What really disgusts me about the "princess culture" is that it teaches girls that you must wait for a man to rescue you and make your life worthwhile. *shudder*

jen said...

I am now 60, so I grew up when fairytales were read in books, not shown in movies. I can't remember dressing up as a princess, but I do remember that my favourite colour was pink. I loved pretty dresses (made by my mum, and always very demure), playing as a cowgirl, complete with hat and toy gun, playing cricket with my brother and his mates. I also loved making cubby houses, climbing trees and jumping off roofs!

My sons both went through a phase of loving pink & my youngest had a pink bicycle helmet. They also had my dolls to play with.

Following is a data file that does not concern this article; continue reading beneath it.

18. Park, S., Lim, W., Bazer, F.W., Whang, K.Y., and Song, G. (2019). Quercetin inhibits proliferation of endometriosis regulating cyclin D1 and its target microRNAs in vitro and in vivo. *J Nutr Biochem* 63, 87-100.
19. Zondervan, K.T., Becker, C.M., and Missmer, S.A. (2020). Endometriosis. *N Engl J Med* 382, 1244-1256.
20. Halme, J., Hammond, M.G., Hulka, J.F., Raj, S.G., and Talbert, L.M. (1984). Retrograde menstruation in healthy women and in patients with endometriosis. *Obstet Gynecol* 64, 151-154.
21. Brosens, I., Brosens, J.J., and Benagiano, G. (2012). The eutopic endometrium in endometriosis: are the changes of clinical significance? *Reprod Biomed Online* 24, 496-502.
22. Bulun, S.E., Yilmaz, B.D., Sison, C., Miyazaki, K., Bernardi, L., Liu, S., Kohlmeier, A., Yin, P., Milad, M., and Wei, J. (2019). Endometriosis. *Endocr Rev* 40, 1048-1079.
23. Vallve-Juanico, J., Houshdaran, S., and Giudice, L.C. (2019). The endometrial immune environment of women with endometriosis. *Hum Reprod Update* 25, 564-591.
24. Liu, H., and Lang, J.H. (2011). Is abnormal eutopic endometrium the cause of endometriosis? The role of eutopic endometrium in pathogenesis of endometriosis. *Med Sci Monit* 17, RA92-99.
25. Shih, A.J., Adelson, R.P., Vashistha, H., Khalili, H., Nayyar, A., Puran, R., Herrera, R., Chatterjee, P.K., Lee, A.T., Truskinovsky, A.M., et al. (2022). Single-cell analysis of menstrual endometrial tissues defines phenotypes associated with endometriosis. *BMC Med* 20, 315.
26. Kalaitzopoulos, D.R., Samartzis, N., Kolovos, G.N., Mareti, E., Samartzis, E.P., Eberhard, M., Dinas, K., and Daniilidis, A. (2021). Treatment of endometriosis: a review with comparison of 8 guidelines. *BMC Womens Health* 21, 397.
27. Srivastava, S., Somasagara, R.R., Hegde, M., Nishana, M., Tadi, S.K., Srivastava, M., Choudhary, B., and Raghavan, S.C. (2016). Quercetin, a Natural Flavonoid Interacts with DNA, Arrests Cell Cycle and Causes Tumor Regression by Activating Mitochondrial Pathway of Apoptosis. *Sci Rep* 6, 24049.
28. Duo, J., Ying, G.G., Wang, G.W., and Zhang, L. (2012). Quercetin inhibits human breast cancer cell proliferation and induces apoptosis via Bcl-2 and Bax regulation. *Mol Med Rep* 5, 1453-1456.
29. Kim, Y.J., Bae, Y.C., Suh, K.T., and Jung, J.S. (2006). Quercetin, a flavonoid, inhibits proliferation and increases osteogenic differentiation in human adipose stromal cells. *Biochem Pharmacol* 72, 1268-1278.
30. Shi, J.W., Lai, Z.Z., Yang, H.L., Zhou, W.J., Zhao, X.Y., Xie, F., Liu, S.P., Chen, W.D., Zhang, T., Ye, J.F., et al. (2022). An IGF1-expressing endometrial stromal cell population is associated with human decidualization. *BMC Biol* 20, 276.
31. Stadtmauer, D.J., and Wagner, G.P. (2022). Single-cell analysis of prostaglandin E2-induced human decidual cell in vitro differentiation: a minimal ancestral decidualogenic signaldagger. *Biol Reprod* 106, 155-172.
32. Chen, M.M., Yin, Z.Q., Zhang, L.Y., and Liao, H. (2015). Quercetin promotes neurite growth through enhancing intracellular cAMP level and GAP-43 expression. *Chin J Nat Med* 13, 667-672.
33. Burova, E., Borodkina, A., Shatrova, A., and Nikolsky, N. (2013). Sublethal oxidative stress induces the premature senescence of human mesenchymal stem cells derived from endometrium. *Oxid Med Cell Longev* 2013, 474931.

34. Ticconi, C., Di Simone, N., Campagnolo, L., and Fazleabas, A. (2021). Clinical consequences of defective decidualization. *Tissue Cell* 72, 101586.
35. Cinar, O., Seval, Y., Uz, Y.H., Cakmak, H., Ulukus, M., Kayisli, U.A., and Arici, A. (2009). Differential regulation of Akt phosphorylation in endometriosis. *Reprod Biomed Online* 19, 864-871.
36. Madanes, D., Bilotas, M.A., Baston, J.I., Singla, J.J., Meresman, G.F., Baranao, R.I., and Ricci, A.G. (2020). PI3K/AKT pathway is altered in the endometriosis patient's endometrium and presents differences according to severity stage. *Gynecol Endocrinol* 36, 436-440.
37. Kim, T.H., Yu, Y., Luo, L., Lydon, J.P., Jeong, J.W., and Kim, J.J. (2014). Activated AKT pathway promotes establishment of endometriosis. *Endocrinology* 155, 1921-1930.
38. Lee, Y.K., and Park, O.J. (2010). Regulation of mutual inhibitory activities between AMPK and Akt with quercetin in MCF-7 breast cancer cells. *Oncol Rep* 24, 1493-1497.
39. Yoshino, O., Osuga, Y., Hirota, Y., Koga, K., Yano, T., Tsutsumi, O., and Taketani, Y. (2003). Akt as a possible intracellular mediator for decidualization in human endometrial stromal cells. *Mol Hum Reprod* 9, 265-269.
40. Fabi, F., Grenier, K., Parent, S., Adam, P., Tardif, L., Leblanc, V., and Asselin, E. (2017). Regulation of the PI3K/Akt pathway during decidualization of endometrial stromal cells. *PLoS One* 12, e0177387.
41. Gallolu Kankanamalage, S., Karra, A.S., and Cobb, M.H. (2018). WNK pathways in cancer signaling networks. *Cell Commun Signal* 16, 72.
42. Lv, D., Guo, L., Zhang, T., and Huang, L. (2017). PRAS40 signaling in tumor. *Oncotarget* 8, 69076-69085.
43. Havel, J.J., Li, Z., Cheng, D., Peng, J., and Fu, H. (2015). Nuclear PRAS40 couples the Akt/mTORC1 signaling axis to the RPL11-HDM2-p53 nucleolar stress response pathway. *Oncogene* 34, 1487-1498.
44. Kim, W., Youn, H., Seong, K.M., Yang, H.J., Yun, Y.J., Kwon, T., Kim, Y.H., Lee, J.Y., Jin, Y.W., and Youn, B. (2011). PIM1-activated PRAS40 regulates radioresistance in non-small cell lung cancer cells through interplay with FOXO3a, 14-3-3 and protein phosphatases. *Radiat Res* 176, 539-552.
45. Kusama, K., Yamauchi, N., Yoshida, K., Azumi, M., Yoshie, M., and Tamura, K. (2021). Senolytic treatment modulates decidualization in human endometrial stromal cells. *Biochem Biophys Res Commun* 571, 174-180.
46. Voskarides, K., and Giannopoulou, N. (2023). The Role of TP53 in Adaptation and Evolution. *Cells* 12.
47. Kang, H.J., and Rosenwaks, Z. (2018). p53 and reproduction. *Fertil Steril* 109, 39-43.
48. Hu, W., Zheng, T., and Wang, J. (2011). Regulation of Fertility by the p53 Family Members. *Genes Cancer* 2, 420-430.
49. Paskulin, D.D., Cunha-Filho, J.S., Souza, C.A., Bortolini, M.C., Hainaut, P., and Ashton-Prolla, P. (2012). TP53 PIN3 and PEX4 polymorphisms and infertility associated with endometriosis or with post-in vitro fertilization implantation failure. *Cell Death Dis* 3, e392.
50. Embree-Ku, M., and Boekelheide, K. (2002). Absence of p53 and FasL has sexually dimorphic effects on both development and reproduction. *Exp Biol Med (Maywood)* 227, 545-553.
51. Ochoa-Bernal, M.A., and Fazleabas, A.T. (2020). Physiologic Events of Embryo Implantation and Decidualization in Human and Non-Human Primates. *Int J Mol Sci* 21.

My grandaughters love to dress up as princesses and the eldest told me that she didn't just 'look like' a princess, she was a princess, when she was about 4.

I think the best way to control the attitudes of your children is to limit the TV & to make sure that what they do watch is educational or suitable for teaching your perspective.

We must all fight the sexualisation of girls with a vengeance and I think that starts with the music industry videos playing on TV. Why do we have to see nearly naked singers performing raunchy acts on stage?

Today's mums have a big job on their hands and I commend you all for trying to overcome these invasions of our senses. Bless you all.